India’s ‘Fraternal Capital’ and Contractor Networks

From India: The Rise of an Asian Giant, by Dietmar Rothermund (Yale U. Press, 2008), pp. 100-101:

Tiruppur, a town near Coimbatore in Tamil Nadu, has emerged as a major centre of knitwear production and Sharad Chari has made a fascinating study of the mode of production in this town. He has described the emergence of ‘fraternal capital’ as a typical form of cooperation among small-scale entrepreneurs in this field. Most of the owners of the small workshops and even a large number of their employees belong to the Gounder caste of peasants who have made a successful transition to industrial production. The Gounder peasants are used to hard work in intensive agriculture where the landholder and his labourers are working together and this style of operations has been transferred to the shop floor where the owner is always present, usually controlling the stitching table where the cloth is converted into garments. Gounders who want to emphasise the special features of their work often make it appear as a kind of ‘work ethic’. Actually it helps them to justify the control of labour in their small-scale industry. They do not strive for economies of scale as these would be diseconomies under the official rules favouring small-scale enterprises. Accordingly, successful entrepreneurs do not invest their capital in expanding their production, but in setting up ‘fraternal’ enterprises run by other members of the Gounder caste, albeit these people are not necessarily related to them in terms of family ties. Total production has thus grown very quickly and whereas earlier only men worked in this industry, more and more women have been recruited in recent years. Most workers are paid by piece rate or they work under various types of contracts rather than receiving regular wages.

When production for export increased, a new elite of export merchants arose from the ranks of these small entrepreneurs. Smart young men in business suits, wearing sunglasses, can be seen chatting with their relatives on the shop floor who provide them with the material which they market in New York or elsewhere. Many of these exporters are assemblers rather than producers. The links of fraternal capital connect all these people and make it difficult for outsiders to penetrate this business. In this way fraternal capital provides horizontal and vertical linkages which are otherwise only found in big corporations. Decentralized supervision – and exploitation – of labour is an asset in this type of business organization. Contracting in and out enables the small entrepreneurs to respond to changing demand. Such an organization helps to defend the class of entrepreneurs against labour unions, which have a strong tradition in this area.

Another interesting example of the control of labour in this region is the putting-out system practised by a producer of rag carpets in the adjacent Erode District. He uses rags from the hosiery industry and gets carpets woven for the big Swedish firm IKEA. Initially it was traditional weavers who got involved in this business, but soon the putting-out system was extended to villages whose supply of labour was of a very different kind. In a Gounder village affected by water scarcity, the peasants took up carpet weaving in order to survive. In another village inhabited by migrant construction workers, the women who had also participated in this work shifted to carpet weaving, which they could do at home. Tapping labour resources of different kinds for export production is a characteristic feature of the informal sector of India’s economy.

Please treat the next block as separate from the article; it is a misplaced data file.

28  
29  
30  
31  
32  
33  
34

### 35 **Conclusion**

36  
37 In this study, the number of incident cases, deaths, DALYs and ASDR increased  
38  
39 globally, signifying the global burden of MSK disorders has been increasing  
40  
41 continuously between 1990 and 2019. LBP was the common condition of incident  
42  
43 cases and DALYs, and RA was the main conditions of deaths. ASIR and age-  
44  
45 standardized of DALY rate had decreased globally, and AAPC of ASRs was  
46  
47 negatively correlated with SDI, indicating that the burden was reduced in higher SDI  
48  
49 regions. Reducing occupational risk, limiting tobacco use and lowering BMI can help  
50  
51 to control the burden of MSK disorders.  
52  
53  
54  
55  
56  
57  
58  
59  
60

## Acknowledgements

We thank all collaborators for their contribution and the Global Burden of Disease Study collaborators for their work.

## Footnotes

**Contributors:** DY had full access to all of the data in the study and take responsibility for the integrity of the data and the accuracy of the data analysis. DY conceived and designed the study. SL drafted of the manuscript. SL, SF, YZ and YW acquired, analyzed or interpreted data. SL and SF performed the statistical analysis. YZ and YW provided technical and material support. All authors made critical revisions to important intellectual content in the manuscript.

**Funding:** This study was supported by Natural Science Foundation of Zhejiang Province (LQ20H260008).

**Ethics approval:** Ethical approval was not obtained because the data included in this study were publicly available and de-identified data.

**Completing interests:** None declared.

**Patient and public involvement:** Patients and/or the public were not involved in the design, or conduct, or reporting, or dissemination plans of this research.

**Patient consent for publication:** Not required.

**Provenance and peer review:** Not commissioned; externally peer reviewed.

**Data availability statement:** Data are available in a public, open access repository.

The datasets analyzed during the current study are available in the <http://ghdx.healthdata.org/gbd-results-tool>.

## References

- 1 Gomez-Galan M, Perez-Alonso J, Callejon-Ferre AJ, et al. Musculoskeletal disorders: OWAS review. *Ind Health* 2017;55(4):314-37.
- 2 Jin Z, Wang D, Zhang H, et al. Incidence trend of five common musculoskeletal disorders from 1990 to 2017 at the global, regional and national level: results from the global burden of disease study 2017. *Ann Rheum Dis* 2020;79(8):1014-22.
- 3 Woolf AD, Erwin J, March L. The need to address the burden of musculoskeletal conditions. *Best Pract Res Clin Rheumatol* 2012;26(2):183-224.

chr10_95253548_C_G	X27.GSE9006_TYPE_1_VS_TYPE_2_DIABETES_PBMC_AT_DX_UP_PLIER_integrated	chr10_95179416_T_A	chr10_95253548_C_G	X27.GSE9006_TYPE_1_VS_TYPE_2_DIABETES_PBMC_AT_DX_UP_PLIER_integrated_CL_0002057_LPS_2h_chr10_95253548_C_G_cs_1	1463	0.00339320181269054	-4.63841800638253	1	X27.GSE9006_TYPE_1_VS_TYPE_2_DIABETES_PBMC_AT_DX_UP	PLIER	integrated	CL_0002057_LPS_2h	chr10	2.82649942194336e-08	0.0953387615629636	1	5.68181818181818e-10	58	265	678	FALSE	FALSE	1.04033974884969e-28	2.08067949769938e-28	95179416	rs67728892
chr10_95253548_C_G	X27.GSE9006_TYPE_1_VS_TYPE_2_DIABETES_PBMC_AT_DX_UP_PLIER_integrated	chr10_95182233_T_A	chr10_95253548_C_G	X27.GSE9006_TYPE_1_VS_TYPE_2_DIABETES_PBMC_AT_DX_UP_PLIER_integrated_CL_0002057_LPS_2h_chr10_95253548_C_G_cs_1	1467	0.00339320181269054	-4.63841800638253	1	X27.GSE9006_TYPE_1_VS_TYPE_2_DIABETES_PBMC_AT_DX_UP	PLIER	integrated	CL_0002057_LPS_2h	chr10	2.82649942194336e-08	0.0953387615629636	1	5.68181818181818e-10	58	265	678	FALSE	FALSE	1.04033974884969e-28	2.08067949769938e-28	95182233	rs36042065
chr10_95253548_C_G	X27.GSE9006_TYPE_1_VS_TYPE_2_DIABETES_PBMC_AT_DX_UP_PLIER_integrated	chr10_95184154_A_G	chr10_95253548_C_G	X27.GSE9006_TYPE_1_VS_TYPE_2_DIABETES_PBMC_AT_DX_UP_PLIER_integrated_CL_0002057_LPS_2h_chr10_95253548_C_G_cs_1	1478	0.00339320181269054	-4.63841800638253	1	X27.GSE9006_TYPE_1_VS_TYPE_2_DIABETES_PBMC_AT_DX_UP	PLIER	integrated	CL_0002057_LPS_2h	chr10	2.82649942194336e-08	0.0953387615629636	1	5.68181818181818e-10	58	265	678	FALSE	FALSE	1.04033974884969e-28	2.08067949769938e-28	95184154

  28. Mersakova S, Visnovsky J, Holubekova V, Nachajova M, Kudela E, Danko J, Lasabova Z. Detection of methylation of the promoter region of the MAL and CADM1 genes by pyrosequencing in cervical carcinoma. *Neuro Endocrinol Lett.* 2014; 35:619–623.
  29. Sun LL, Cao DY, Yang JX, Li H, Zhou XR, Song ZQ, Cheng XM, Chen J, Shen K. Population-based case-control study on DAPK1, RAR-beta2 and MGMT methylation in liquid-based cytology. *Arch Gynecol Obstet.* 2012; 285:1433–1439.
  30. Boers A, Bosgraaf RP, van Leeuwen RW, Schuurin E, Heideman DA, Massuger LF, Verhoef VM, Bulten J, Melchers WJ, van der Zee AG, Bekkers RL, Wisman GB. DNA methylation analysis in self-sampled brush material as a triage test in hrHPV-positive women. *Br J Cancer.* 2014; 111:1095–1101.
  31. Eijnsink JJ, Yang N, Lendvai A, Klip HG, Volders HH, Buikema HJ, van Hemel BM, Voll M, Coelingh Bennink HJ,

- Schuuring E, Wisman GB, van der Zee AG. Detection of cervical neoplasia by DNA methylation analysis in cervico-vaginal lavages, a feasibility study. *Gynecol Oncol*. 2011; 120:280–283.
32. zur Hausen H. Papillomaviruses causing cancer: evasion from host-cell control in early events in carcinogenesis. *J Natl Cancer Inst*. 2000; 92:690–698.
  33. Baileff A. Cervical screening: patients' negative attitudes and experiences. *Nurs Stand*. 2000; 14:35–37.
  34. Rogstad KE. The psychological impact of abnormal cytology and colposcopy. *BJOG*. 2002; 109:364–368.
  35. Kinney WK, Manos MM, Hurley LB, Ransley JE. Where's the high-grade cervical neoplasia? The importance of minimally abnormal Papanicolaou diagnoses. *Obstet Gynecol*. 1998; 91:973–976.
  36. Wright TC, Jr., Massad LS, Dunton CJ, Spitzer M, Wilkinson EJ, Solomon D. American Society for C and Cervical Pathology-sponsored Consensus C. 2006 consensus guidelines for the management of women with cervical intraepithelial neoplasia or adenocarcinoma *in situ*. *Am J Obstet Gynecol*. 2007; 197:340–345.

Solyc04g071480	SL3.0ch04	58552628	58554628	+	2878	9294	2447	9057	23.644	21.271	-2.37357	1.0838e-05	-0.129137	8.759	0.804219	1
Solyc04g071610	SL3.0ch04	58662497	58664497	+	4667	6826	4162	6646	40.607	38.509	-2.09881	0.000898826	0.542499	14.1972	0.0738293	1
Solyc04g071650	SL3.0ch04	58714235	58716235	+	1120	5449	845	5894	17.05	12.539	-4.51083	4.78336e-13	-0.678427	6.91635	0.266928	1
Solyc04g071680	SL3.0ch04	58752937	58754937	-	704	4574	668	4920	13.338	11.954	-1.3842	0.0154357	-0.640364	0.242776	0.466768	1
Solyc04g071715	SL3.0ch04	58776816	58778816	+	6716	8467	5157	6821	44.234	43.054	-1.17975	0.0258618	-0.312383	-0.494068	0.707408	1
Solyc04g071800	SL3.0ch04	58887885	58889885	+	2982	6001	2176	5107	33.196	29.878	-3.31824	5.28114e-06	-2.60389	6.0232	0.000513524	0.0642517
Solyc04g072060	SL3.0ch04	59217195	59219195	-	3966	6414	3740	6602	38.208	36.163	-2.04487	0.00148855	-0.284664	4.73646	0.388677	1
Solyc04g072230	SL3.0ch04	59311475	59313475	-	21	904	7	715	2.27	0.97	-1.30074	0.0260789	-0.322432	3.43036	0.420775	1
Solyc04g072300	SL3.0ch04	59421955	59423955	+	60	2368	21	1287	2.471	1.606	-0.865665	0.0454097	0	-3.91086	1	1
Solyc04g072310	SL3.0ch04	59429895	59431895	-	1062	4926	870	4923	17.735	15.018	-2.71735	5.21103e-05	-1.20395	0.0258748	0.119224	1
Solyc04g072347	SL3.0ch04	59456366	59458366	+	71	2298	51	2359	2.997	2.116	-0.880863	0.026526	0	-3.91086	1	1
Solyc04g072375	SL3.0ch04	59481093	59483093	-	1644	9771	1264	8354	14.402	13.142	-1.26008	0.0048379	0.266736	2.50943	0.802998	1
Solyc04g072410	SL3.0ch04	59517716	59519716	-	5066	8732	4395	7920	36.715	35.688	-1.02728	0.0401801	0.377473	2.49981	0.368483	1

Similar features of decentralized production and exploitation of labour can be observed in the garment industry of Ahmadabad, a city once famous for its large composite textile mills, most of which have long since closed down or are ‘sick‘. But in the 1990s hundreds of small workshops producing ready-made garments sprang up. Their production is supplemented by home-based women who stitch garments for entrepreneurs who operate a putting-out system. These women had been used to stitching petticoats and children’s wear; they own very simple sewing machines. When they were required to stitch more complicated garments for export their skills and their machines often proved insufficient for the new tasks. They usually earn piece rates which amount to about 2 to 5 per cent of the value of the articles they produce. With such low wages they can hardly afford to invest in add-ons to their sewing machine for new lines of production. Nevertheless, they somehow managed to get on with their work. This area of Gujarat is also famous for its embroidery, which has been successfully adapted to the requirements of export production, a line of production in which India is ahead of China.

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Filed under economics, India, industry, labor

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